Apple Safari 5.0 release includes New Reader Mode
Apple recently released it's latest version of the Safari browser. I downloaded a copy to evaluate for the Windows XP environment. The new Reader mode is truly an outstanding feature which will transform lengthy text based articles into a nicely formatted large print presentation. The performance is excellent and hopefully security will continue to improve from prior releases as over 48 problem areas were fixed in the last release.
Apple Safari 5.0 release
QUOTE: Safari 5 is the latest version of the Apple web browser and among the new features in the browser is a Reader mode that makes it a pleasure to read long articles on the Web. Though Safari is the dominant web browser on the Macintosh (and on Apple mobile devices), it is still very much a minor player on Windows systems. Still, Safari 5 has a few capabilities that make it worth a look for both Mac and Windows users.
Chief among these is the Reader mode. Essentially what this feature does is make it possible to read a multi-page web article in a single scrollable view but it really is much more than that (and much better than simply opening the Print view of an article). And it appears to work with most articles on websites without the sites having to do anything to enable the feature.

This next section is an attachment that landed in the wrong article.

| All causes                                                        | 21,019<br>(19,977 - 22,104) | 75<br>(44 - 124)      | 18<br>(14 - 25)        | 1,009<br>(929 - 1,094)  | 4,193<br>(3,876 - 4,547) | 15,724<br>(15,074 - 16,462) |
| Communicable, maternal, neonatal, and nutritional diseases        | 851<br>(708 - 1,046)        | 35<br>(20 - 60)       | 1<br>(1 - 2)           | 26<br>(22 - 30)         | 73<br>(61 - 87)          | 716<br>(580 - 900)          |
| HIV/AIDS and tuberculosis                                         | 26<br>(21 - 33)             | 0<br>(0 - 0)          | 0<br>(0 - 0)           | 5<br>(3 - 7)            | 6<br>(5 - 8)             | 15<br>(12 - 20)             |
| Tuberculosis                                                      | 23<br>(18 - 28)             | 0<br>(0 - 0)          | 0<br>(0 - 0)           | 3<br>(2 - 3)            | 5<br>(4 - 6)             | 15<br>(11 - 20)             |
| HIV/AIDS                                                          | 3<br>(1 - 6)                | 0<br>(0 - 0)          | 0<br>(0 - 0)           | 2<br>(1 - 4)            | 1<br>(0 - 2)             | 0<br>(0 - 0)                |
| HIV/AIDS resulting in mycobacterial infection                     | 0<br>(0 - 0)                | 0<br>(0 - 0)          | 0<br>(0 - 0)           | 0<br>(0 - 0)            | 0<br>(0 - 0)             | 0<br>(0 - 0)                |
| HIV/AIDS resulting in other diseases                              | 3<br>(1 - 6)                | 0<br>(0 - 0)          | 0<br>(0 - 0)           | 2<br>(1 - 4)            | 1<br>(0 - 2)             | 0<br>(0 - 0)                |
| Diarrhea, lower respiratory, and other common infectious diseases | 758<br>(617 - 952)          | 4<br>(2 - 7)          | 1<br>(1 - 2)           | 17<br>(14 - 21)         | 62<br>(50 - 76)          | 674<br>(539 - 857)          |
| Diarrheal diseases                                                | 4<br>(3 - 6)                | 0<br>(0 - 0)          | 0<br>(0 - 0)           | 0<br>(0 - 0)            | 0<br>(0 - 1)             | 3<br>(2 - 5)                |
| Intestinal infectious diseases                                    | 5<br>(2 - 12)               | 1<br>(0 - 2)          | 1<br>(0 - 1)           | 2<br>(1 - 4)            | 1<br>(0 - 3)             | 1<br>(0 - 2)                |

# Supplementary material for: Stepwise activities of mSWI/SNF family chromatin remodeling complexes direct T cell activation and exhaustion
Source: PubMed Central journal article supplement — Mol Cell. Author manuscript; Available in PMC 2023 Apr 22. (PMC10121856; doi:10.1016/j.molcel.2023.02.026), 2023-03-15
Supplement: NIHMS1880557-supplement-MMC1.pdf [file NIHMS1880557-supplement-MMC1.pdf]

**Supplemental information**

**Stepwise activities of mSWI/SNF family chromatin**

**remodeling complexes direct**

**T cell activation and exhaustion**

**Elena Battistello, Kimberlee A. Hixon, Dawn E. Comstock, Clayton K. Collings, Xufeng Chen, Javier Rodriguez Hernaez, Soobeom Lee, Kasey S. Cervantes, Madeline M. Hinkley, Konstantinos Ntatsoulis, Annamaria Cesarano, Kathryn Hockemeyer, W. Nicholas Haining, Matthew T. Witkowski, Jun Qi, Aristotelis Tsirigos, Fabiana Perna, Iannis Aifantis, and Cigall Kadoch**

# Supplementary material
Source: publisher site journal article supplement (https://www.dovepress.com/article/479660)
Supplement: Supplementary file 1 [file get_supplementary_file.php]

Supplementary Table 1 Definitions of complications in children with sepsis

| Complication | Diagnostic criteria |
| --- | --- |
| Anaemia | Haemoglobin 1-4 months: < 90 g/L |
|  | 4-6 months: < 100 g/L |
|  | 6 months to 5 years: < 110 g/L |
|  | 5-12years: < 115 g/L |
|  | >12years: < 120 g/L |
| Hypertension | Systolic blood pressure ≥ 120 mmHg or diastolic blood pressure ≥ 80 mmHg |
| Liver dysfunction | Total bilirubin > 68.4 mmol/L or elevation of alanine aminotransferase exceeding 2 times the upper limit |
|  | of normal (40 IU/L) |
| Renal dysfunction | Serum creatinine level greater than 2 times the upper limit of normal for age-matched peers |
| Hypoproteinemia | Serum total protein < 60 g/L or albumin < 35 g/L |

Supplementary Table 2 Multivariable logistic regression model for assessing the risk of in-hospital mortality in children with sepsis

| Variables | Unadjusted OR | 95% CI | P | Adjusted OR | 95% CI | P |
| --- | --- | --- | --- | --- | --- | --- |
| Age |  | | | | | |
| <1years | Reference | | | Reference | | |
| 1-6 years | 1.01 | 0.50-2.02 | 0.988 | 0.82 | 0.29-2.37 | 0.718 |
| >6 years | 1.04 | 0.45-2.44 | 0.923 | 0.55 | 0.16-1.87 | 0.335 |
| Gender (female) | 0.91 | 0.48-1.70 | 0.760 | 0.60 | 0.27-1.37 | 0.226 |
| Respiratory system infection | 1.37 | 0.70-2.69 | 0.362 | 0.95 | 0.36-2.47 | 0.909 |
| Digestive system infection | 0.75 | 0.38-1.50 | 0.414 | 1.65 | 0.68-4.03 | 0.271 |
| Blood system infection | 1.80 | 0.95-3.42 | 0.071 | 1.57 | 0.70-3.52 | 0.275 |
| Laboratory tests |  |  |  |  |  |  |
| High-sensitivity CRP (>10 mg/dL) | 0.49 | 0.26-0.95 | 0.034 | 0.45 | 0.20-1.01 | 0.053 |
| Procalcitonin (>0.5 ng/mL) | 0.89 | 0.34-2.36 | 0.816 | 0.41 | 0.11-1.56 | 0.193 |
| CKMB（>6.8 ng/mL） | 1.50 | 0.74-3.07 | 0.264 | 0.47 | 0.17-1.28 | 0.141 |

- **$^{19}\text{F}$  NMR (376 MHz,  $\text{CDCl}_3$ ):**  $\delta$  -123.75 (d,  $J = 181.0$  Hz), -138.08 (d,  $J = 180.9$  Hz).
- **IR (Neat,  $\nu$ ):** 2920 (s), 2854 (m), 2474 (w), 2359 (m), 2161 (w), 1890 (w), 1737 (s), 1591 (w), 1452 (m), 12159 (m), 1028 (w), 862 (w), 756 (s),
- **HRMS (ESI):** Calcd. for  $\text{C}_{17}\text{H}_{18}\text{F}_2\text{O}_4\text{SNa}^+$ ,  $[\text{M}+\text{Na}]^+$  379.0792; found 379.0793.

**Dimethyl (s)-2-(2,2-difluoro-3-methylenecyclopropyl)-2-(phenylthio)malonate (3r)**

When I browsed to a web article, a Reader button appeared on the right hand side of the address bar in Safari 5. By clicking this button I brought up a scrollable window in the middle of the browser screen that displayed the entire article, no matter how many pages the site had broken it up into. The Reader view was very attractive and easy to read, making an article on a webpage look more like something that had been configured for an ebook format. I enjoyed the Reader view so much that if I ran into a long article while using another browser, I fired up Safari and switched over so I could read the article in Reader mode.
Safari 5 also includes several other new features, including the ability to configure the search bar to use Bing, Google or Yahoo for the integrated search features. There are also several new developer tools included. Like Chrome, Safari has expanded its ability to be extended by developers and there are already a good number of extensions available for the browser, though no where near the number currently available for Firefox.
Also like Chrome and Firefox, Safari 5 continues the Apple browser’s move to support the forthcoming HTML 5 standard. This version of Safari includes new support for many HTML 5 capabilities, including video improvements such as full screen video and closed captioning.
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